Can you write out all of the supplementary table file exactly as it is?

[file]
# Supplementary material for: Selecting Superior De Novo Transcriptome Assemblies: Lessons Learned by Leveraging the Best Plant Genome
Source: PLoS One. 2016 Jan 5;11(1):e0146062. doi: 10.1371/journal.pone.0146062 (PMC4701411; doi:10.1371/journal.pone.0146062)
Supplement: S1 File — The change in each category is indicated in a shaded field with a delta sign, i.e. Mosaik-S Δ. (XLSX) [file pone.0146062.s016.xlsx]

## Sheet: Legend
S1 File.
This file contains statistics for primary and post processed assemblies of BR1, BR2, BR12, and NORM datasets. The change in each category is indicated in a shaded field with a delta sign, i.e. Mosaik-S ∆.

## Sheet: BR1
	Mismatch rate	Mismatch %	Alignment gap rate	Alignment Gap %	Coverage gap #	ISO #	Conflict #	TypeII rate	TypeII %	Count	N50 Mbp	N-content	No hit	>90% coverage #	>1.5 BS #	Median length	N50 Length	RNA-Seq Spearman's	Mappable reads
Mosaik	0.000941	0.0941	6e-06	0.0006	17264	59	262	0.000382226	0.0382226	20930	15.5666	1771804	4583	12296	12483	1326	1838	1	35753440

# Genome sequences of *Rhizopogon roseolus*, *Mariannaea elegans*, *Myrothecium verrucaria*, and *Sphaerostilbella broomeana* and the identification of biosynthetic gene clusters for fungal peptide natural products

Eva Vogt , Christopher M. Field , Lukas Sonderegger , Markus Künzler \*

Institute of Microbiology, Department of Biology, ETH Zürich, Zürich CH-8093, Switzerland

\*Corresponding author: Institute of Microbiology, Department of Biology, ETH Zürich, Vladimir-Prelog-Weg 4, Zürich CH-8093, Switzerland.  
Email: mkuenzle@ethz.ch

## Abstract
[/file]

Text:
# Supplementary material for: Selecting Superior De Novo Transcriptome Assemblies: Lessons Learned by Leveraging the Best Plant Genome
Source: PLoS One. 2016 Jan 5;11(1):e0146062. doi: 10.1371/journal.pone.0146062 (PMC4701411; doi:10.1371/journal.pone.0146062)
Supplement: S1 File — The change in each category is indicated in a shaded field with a delta sign, i.e. Mosaik-S Δ. (XLSX) [file pone.0146062.s016.xlsx]

## Sheet: Legend
S1 File.
This file contains statistics for primary and post processed assemblies of BR1, BR2, BR12, and NORM datasets. The change in each category is indicated in a shaded field with a delta sign, i.e. Mosaik-S ∆.

## Sheet: BR1
	Mismatch rate	Mismatch %	Alignment gap rate	Alignment Gap %	Coverage gap #	ISO #	Conflict #	TypeII rate	TypeII %	Count	N50 Mbp	N-content	No hit	>90% coverage #	>1.5 BS #	Median length	N50 Length	RNA-Seq Spearman's	Mappable reads
Mosaik	0.000941	0.0941	6e-06	0.0006	17264	59	262	0.000382226	0.0382226	20930	15.5666	1771804	4583	12296	12483	1326	1838	1	35753440

# Genome sequences of *Rhizopogon roseolus*, *Mariannaea elegans*, *Myrothecium verrucaria*, and *Sphaerostilbella broomeana* and the identification of biosynthetic gene clusters for fungal peptide natural products

Eva Vogt , Christopher M. Field , Lukas Sonderegger , Markus Künzler \*

Institute of Microbiology, Department of Biology, ETH Zürich, Zürich CH-8093, Switzerland

\*Corresponding author: Institute of Microbiology, Department of Biology, ETH Zürich, Vladimir-Prelog-Weg 4, Zürich CH-8093, Switzerland.  
Email: mkuenzle@ethz.ch

## Abstract